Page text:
2.5 Statistical analysis

Categorical data are presented as numbers (%) and continuous data as the mean ± SD. The x test was used to compare categorical variables, and the Student's t-test was used to compare continuous variables. Logistic regression was performed to adjust for prognostically important variables including gestational age, antenatal steroid treatment, pregnancy-induced hypertension, prolonged ruptured membrane, and birth body weight of the infants. JMP version 10 (SAS Institute Inc.) was used for the statistical analysis. The level of statistical significance was defined as p < 0.05.

2.6 Ethics

This study was approved by the Institutional Review Board of Kaohsiung Medical University Hospital.

3. Results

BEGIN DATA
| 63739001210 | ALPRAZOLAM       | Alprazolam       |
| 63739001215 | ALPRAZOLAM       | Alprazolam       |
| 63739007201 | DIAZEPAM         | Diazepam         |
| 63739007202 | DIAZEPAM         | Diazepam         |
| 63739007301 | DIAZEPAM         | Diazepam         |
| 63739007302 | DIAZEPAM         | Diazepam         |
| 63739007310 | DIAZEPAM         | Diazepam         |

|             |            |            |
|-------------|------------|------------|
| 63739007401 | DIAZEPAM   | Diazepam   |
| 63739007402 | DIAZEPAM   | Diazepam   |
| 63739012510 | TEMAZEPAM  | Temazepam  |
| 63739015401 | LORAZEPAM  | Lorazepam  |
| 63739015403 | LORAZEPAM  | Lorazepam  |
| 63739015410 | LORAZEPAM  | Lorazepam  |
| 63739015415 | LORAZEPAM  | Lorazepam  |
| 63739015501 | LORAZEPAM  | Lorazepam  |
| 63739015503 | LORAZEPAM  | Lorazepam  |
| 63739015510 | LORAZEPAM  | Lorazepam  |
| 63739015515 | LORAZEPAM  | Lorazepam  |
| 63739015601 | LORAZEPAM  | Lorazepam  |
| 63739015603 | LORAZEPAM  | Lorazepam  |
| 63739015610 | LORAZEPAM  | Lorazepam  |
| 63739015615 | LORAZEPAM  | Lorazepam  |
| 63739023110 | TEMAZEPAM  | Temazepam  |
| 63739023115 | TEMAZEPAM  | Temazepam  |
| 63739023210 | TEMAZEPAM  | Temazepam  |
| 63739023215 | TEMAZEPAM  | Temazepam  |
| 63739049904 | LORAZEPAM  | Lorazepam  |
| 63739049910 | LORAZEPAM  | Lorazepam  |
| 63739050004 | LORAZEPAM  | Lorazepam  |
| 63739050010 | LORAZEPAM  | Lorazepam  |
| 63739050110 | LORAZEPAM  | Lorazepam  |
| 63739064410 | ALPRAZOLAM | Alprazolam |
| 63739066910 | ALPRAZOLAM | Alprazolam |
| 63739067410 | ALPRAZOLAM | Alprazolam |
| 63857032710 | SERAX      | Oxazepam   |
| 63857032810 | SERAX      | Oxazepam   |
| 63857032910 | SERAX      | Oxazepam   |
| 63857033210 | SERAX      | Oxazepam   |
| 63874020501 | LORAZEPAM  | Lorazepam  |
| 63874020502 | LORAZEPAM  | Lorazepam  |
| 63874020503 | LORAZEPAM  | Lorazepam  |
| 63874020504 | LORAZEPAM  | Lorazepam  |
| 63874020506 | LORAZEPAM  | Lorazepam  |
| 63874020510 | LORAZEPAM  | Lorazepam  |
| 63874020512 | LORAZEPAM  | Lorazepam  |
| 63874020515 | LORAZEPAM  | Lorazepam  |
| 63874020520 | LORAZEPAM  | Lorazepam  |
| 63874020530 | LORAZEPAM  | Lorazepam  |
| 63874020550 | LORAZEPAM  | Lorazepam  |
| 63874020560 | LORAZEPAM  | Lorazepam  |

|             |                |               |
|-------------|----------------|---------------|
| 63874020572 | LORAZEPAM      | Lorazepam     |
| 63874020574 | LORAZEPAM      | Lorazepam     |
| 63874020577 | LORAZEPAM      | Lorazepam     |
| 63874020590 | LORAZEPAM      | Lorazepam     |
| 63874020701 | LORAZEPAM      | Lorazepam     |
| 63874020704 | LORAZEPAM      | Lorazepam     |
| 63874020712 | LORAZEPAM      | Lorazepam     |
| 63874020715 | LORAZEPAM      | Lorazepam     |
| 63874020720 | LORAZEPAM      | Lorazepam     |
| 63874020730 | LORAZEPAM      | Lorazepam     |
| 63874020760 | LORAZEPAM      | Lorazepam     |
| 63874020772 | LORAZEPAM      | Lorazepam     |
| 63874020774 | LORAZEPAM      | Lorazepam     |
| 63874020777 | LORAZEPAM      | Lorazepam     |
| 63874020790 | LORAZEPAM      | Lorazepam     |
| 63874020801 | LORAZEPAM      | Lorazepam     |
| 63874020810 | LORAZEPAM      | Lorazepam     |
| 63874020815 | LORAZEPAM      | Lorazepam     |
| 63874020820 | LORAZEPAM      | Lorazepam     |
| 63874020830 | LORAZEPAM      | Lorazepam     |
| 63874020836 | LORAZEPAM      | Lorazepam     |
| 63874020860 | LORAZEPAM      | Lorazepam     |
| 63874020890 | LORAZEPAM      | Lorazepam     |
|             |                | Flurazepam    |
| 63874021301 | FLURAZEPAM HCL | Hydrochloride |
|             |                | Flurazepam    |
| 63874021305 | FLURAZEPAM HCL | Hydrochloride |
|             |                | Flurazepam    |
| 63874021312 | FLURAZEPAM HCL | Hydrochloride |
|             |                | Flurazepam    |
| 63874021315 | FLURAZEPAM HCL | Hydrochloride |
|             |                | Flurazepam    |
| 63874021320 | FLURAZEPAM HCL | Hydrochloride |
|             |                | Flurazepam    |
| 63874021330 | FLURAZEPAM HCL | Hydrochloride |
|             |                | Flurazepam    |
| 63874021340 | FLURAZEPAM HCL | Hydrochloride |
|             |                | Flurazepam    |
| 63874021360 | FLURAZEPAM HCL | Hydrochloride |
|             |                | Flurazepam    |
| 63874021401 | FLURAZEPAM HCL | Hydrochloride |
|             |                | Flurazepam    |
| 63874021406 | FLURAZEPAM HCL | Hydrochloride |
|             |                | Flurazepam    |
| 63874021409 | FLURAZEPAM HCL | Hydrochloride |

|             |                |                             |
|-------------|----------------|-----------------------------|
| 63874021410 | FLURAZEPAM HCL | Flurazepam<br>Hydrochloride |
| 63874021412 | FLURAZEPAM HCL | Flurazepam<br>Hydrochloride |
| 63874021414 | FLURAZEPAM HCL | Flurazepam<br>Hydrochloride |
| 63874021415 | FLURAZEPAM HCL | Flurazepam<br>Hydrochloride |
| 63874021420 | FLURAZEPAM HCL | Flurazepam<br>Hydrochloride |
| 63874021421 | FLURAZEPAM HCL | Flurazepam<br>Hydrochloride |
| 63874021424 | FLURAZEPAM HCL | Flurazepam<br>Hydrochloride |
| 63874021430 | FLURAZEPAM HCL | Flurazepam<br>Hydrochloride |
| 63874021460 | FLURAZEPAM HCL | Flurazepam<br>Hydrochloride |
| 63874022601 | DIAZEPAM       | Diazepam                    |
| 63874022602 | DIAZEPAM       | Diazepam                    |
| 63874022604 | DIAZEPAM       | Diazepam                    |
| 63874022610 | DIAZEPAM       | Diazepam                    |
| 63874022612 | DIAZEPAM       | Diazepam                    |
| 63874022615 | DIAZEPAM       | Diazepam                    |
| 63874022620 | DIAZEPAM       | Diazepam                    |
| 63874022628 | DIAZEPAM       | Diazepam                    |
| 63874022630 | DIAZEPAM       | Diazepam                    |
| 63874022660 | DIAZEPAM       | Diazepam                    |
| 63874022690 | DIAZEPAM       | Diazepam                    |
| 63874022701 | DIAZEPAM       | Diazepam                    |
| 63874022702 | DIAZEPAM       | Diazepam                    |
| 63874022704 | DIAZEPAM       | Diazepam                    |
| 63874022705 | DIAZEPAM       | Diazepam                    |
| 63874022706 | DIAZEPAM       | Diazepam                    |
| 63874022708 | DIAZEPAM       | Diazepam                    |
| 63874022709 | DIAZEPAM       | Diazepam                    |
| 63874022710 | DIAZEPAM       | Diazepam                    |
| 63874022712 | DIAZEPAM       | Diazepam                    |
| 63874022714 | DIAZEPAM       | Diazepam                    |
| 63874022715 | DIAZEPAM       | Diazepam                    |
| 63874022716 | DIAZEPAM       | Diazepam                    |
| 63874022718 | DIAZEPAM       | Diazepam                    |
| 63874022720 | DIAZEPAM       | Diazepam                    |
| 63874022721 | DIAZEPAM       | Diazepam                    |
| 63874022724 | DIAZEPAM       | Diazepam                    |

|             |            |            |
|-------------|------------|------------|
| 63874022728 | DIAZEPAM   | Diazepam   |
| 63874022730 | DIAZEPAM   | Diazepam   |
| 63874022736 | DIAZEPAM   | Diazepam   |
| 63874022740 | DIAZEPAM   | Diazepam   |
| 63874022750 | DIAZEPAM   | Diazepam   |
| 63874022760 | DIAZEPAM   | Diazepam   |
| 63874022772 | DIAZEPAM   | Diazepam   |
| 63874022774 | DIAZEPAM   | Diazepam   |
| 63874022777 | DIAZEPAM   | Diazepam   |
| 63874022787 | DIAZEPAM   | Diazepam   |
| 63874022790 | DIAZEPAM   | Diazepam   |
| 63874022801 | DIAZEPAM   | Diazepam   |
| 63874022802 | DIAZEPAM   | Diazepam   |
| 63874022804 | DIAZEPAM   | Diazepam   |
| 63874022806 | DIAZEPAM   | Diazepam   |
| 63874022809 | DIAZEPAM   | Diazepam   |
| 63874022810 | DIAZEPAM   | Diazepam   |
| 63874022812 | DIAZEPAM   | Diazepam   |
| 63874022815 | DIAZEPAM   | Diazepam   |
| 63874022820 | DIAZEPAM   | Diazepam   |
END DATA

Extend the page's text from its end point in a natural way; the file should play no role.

From January 2000 to December 2011, 402 VLBW infants (body birth weight < 1500 g) were screened for eligibility. Of these 402 VLBW infants, 84 (22.1%) died prior to 18 months of corrected age, and 130 did not have serial evaluations of BSID-II at 6, 12 and 18 months of age. In total, 188 (46.8%) patients were deemed eligible to participate in this study. Aminophylline was used in 111 (59%) of these infants for the treatment of AOP. Fifty-two gestational age-matched infants with AOP who did not receive aminophylline were selected as the controls, resulting in a total of 104 infants. The characteristics of the study participants are shown in Table 1. There were no significant differences between the baseline characteristics of these infants in the two groups at birth and of their mothers.